The situation ethics of Fletcher is most widely understood as a Christian ethic, based fundamentally
upon the principle of 'agape' — or unconditional love for the neighbour. Situation ethics on the other
hand is contextual, and the morally permissible action must be understood in terms of the situation
itself. How valid is it to criticize situation ethics as a conditional theory which rests on an unconditional
principle? Are these theoretical characteristics not incompatible and contradictory?
Fletcher's basic principle is that there is nothing which is universally prohibited, there are no rules to
tell us what to do and what not to do. However, there is something (for Fletcher one thing and one
thing only) that is intrinsically valuable and good that can prescribe action. This is agape.So long as
we act out of love we are acting morally. But it is a separate question what it is to act from the
principle of agape. Perhaps Situation ethics can be summed up in a quote, "There is only one
ultimate and invariable duty and its formula is, 'Thou shall love thy neighbour as thyself'. How to do
this is another question, but this is the whole of the moral duty" (V. Temple).
This kind of structure is not uncommon in ethical theory. For example Utilitarianism has a concept of
a unconditional good, namely happiness. For the Utilitarian any action that is considered moral must
be one that promotes the greatest degree of happiness (for the greatest number). But what actually
constitutes promoting happiness, how this is to be achieved is a different issue. And will be answered
differently on different occasions. Similarly for the principle of agape. While we must always act from
and in accordance with the motive unconditional love, what concrete actions we do take will be
determined by the situation (and not just physical aspects of the situation such as time and place, but
also psychological aspects i.e. what beliefs we have and what abilities we have). In this respect
Situation ethics is no more controversial than Utilitarianism (though this does not let situation ethics of
lightly, for utilitarianism is very controversial!)
The point is that the two theoretical characteristics are not contradictory, they be even be
complementary. To see this, try to imagine either of them on it's own and see if it is successful in
generating moral behaviour:
First the fundamental principle to love your neighbour or to promote the greatest happiness. On it's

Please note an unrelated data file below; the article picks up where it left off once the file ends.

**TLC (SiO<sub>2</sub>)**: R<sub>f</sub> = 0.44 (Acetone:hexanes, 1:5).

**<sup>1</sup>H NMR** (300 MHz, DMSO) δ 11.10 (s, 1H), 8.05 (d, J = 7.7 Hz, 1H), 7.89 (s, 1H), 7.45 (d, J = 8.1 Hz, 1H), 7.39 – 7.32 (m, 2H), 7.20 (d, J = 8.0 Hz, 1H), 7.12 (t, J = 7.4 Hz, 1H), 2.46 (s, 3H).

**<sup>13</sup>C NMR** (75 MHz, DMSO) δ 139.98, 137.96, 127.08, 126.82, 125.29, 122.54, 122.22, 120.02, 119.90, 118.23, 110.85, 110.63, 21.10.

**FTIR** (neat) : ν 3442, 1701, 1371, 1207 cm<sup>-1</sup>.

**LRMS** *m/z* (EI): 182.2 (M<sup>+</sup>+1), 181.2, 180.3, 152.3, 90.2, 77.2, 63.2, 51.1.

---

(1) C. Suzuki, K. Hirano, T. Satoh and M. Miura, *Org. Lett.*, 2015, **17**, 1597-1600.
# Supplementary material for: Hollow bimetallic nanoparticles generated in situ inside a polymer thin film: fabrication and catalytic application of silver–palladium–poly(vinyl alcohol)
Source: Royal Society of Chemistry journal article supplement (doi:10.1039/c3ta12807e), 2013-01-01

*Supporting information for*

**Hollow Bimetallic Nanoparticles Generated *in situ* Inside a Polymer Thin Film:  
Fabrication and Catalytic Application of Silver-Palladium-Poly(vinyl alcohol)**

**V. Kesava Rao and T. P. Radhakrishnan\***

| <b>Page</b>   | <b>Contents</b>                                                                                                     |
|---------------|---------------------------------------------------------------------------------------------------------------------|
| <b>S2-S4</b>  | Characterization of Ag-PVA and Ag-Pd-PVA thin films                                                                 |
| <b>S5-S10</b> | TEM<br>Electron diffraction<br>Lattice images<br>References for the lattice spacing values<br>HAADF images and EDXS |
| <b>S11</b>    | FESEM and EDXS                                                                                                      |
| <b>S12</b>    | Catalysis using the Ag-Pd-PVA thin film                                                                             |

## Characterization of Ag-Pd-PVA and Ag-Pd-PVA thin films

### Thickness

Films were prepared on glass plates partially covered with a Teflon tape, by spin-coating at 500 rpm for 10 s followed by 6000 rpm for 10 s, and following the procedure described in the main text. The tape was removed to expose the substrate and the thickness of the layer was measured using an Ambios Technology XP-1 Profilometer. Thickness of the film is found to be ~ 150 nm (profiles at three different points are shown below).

own this is empty, it tells us nothing about what to do. Second, the situation itself. Suppose I am in a
burning building which happens to contain my disabled father and a doctor with a cure for a killer
disease. What am I going to do? Nothing in the situation will tell me, perhaps even no rule based
ethic could resolve the issue, such as the rule 'Never kill any one'. What ever I do, someone will die.
But now if we put the two together we get an answer. The Utilitarian would say, save the one which
will lead to the most happiness. Fletcher would say, save the one which would be in accordance with
acting from love. I can't say which one because I am not in that situation. Which is the whole point of
situation ethics. Fletcher does not say that the structure of situation ethics is like this; "if you are in a
burning building, then this action X is the one that you should perform because X is the one that
conforms with the principle of agape".
We might find Situation ethics unsatisfactory as an account of what it is to be moral, but that is a
defect of Fletcher's arguments and assumptions in his account of what agape is, and not I think, an
inconsistency in the general structure of this type of ethical theory.
Though of course it is possible to reject this structural feature. Subjectivist and relativist ethics reject
this framework in favour of some single permissive principle such as, "Whatever the situation, do
whatever is necessary achieve what you want". Other non-consequentialist, non-subjectivist ethical
theories reject the above structure in favour of a rule, or set of rules intended to guide actions
regardless of the situation. Which one we should accept is a separate question.
Dept of Philosophy
University of Sheffield